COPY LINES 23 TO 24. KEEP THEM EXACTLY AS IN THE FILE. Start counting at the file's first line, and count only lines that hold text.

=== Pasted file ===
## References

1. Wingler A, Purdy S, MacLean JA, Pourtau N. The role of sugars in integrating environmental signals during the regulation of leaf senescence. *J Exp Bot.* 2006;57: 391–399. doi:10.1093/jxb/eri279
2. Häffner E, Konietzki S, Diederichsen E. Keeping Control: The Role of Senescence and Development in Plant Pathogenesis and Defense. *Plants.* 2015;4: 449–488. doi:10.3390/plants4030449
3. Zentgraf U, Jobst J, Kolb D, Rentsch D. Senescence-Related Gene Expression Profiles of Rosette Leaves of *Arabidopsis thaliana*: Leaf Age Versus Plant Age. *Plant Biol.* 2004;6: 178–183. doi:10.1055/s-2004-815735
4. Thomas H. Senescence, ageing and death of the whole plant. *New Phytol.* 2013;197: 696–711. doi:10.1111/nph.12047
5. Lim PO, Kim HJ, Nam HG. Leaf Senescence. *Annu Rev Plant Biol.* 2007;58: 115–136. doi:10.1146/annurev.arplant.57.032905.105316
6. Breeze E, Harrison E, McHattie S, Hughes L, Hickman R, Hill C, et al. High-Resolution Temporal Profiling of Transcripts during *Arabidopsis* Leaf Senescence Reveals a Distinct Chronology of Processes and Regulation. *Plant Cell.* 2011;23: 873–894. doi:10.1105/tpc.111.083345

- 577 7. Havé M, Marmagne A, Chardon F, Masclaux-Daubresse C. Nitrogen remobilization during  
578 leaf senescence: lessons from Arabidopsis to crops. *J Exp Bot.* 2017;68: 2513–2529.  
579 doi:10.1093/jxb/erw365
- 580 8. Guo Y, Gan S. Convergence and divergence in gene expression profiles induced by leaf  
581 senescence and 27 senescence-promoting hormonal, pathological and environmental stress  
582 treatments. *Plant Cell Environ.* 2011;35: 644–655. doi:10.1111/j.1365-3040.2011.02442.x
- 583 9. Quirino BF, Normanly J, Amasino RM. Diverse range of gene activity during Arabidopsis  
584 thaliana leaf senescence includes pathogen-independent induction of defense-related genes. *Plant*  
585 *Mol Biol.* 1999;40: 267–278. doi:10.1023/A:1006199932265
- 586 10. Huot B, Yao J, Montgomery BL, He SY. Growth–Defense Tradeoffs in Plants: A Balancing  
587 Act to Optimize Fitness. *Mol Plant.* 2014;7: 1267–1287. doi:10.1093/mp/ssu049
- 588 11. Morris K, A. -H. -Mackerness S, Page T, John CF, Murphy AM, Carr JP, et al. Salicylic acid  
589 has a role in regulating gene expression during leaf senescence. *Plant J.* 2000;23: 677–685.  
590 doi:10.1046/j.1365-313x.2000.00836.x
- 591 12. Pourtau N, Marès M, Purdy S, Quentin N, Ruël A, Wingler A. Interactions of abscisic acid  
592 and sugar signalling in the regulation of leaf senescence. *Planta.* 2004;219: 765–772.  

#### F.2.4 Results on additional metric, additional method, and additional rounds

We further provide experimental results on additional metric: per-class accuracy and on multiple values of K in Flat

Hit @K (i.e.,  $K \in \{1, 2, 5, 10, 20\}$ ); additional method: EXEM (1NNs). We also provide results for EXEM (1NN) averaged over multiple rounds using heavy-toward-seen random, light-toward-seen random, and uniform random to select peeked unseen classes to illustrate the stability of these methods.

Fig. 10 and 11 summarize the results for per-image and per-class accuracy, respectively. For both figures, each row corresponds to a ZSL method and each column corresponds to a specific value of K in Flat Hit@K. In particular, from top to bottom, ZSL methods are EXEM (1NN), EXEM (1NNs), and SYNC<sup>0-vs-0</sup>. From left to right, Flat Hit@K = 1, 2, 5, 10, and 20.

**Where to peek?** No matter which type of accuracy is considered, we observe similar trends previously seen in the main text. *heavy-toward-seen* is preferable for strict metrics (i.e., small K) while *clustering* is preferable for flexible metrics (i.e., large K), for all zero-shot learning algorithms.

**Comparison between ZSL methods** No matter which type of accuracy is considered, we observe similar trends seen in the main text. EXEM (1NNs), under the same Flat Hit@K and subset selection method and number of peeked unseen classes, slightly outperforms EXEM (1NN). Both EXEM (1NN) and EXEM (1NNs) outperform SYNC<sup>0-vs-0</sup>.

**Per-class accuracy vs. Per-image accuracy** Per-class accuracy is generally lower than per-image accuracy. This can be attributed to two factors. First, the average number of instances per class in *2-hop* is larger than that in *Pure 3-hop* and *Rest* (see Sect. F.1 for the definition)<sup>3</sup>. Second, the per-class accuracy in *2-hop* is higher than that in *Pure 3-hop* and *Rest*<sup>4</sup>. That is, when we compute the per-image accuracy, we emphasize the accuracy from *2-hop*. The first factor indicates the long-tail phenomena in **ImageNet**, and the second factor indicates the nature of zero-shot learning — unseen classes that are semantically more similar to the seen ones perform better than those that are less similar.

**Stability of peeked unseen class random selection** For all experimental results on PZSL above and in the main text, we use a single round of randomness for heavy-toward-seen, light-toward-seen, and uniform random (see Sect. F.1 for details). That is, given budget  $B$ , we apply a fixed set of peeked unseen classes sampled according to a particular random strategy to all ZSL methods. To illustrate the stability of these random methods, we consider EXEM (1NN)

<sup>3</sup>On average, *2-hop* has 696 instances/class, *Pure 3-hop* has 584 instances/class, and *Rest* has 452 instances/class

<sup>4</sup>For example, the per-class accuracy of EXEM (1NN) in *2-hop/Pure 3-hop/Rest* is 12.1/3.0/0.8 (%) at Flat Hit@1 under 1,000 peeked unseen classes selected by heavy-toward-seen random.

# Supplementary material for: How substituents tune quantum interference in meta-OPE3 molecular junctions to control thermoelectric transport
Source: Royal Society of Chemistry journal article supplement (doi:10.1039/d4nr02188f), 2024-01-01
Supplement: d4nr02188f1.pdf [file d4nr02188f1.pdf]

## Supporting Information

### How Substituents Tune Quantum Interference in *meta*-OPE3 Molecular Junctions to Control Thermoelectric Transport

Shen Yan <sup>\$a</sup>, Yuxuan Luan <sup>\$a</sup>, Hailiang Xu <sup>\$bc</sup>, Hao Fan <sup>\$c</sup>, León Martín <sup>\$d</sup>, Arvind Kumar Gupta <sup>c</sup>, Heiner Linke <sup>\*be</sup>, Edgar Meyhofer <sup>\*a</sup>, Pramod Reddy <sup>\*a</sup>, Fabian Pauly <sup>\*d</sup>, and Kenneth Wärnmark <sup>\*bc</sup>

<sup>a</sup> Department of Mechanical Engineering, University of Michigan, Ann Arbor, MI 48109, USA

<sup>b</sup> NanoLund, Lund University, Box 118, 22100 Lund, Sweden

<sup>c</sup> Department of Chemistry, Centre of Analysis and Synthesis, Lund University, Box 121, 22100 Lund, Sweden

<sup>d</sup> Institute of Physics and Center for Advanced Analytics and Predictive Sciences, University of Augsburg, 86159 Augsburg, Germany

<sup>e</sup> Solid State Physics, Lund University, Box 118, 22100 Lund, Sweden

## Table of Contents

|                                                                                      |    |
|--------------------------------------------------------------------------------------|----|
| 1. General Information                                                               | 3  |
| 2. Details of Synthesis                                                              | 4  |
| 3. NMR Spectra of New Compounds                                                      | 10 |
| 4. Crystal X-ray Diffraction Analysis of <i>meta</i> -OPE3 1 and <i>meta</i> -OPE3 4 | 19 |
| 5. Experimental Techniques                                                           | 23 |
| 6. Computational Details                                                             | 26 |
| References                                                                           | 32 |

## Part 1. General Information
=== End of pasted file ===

592 and sugar signalling in the regulation of leaf senescence. *Planta.* 2004;219: 765–772.  

#### F.2.4 Results on additional metric, additional method, and additional rounds